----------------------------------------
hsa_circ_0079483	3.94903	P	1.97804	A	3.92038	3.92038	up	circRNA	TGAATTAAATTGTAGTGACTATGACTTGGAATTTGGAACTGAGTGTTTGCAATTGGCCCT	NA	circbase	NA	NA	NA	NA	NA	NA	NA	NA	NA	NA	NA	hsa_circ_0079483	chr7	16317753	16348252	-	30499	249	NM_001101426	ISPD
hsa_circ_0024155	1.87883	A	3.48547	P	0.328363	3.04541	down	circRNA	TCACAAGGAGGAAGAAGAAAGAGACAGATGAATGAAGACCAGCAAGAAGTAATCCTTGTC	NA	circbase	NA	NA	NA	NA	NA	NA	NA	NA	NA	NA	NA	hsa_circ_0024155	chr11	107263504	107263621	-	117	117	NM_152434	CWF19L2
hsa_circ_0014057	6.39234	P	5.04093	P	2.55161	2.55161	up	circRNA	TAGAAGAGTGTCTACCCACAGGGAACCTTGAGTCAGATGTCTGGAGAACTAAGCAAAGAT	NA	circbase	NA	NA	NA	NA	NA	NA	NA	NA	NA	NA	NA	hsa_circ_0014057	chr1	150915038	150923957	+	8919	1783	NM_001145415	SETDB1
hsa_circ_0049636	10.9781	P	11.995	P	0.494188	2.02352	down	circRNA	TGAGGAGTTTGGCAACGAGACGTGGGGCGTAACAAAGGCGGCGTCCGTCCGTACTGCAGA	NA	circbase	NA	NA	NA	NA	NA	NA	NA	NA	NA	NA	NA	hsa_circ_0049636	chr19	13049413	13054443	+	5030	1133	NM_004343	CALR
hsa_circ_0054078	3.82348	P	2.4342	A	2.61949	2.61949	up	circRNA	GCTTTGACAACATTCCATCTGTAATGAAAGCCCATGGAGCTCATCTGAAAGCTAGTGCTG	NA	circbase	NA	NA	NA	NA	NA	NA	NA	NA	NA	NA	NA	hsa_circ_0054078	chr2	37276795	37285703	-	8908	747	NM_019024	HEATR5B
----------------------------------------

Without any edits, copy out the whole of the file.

hsa_circ_0079483	3.94903	P	1.97804	A	3.92038	3.92038	up	circRNA	TGAATTAAATTGTAGTGACTATGACTTGGAATTTGGAACTGAGTGTTTGCAATTGGCCCT	NA	circbase	NA	NA	NA	NA	NA	NA	NA	NA	NA	NA	NA	hsa_circ_0079483	chr7	16317753	16348252	-	30499	249	NM_001101426	ISPD
hsa_circ_0024155	1.87883	A	3.48547	P	0.328363	3.04541	down	circRNA	TCACAAGGAGGAAGAAGAAAGAGACAGATGAATGAAGACCAGCAAGAAGTAATCCTTGTC	NA	circbase	NA	NA	NA	NA	NA	NA	NA	NA	NA	NA	NA	hsa_circ_0024155	chr11	107263504	107263621	-	117	117	NM_152434	CWF19L2
hsa_circ_0014057	6.39234	P	5.04093	P	2.55161	2.55161	up	circRNA	TAGAAGAGTGTCTACCCACAGGGAACCTTGAGTCAGATGTCTGGAGAACTAAGCAAAGAT	NA	circbase	NA	NA	NA	NA	NA	NA	NA	NA	NA	NA	NA	hsa_circ_0014057	chr1	150915038	150923957	+	8919	1783	NM_001145415	SETDB1
hsa_circ_0049636	10.9781	P	11.995	P	0.494188	2.02352	down	circRNA	TGAGGAGTTTGGCAACGAGACGTGGGGCGTAACAAAGGCGGCGTCCGTCCGTACTGCAGA	NA	circbase	NA	NA	NA	NA	NA	NA	NA	NA	NA	NA	NA	hsa_circ_0049636	chr19	13049413	13054443	+	5030	1133	NM_004343	CALR
hsa_circ_0054078	3.82348	P	2.4342	A	2.61949	2.61949	up	circRNA	GCTTTGACAACATTCCATCTGTAATGAAAGCCCATGGAGCTCATCTGAAAGCTAGTGCTG	NA	circbase	NA	NA	NA	NA	NA	NA	NA	NA	NA	NA	NA	hsa_circ_0054078	chr2	37276795	37285703	-	8908	747	NM_019024	HEATR5B